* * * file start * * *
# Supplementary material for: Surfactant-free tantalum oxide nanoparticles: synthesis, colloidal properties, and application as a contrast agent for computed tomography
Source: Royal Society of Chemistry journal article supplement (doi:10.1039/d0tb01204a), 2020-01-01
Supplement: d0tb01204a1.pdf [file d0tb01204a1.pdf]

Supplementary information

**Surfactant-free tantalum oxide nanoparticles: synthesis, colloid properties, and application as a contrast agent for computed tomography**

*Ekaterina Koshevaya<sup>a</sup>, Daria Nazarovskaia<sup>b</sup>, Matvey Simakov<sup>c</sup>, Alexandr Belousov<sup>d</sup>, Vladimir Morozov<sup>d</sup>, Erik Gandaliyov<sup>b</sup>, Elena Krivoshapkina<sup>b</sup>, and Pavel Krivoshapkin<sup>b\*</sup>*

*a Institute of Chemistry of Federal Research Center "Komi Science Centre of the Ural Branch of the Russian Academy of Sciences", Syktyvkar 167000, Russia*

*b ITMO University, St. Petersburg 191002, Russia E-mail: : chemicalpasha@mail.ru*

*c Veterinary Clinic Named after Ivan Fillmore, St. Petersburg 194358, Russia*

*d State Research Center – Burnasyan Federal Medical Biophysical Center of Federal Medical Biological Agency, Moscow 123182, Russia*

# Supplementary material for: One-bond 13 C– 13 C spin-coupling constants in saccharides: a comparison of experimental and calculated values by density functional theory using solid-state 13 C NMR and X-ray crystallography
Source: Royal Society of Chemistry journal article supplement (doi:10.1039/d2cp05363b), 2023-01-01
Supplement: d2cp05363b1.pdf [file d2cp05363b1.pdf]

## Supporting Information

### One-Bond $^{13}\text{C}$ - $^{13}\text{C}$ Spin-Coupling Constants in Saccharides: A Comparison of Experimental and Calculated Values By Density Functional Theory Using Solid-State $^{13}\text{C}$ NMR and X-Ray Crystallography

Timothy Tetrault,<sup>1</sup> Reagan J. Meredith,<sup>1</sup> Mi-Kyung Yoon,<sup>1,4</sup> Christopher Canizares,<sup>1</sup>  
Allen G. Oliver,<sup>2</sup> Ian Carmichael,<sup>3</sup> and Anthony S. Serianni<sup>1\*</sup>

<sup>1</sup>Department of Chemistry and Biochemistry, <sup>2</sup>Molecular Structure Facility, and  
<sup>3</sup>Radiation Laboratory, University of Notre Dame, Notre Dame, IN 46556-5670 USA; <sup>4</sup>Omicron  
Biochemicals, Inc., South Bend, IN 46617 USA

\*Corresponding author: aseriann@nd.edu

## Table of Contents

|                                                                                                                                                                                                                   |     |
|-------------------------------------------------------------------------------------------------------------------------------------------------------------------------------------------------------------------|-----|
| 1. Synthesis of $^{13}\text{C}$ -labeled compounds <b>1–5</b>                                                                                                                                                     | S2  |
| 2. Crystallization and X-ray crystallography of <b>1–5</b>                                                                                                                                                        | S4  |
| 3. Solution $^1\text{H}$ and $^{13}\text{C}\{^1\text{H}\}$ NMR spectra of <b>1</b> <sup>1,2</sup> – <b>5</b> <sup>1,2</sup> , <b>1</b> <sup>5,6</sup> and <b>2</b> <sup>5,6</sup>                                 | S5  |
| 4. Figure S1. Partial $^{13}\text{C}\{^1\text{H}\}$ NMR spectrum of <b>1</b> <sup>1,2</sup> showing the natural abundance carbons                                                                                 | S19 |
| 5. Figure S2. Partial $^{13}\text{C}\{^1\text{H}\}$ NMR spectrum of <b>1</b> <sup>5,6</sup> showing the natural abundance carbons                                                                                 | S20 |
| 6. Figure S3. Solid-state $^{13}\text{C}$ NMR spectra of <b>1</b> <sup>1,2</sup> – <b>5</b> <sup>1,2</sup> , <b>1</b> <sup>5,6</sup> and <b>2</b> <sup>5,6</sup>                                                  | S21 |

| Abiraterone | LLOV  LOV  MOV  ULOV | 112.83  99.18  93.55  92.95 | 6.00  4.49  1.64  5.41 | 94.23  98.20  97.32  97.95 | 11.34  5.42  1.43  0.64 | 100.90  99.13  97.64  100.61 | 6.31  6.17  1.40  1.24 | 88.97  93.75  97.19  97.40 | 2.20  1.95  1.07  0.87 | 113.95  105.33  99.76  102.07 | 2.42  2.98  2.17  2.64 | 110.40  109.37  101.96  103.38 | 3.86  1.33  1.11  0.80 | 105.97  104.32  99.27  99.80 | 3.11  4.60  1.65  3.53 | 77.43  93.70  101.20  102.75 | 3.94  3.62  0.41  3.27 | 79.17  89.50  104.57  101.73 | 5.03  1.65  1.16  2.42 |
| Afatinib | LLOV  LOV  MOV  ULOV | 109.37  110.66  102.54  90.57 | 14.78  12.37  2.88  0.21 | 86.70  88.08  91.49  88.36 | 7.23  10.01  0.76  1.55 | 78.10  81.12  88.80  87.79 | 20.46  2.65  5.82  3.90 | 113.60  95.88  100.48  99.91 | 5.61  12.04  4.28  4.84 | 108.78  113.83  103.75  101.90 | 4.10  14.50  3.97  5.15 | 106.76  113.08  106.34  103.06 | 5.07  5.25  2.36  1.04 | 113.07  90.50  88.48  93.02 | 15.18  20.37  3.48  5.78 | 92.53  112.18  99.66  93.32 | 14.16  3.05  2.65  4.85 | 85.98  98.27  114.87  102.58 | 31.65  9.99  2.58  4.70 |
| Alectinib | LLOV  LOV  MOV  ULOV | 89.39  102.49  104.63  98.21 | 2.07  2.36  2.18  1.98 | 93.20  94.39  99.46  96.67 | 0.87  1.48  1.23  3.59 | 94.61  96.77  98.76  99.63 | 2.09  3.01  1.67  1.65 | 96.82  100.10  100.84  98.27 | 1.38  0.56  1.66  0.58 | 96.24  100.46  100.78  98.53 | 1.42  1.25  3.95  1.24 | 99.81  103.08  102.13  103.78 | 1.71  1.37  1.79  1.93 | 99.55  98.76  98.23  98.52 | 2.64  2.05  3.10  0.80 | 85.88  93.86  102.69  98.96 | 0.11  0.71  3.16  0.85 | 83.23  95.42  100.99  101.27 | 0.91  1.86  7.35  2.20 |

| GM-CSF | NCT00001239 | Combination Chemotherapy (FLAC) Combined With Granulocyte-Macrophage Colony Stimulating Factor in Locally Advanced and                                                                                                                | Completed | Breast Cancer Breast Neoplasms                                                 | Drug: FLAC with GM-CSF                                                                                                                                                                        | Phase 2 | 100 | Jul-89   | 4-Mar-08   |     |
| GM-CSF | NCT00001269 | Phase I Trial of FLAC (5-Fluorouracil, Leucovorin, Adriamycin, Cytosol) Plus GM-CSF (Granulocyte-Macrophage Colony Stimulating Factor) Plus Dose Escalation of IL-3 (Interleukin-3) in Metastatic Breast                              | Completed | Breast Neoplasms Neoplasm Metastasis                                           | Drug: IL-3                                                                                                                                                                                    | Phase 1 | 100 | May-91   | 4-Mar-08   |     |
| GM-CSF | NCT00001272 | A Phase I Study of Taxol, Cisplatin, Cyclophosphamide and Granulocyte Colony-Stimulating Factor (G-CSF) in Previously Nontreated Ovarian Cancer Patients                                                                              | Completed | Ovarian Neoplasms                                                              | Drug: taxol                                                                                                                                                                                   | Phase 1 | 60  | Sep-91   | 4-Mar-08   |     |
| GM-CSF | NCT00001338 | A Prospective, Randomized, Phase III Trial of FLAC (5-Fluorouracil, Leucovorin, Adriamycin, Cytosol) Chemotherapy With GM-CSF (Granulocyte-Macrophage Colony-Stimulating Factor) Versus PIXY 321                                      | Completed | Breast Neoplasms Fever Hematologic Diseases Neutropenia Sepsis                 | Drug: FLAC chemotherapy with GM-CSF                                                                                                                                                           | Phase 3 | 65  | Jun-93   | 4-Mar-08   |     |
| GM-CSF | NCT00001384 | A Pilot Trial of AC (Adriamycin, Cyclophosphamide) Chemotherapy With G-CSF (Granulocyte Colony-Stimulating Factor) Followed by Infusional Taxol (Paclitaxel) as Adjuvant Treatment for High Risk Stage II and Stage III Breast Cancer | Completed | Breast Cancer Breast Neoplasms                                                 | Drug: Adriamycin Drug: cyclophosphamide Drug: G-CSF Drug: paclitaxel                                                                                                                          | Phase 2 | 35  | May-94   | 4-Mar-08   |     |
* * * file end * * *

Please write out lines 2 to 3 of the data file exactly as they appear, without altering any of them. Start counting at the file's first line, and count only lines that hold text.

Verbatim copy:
Source: Royal Society of Chemistry journal article supplement (doi:10.1039/d0tb01204a), 2020-01-01
Supplement: d0tb01204a1.pdf [file d0tb01204a1.pdf]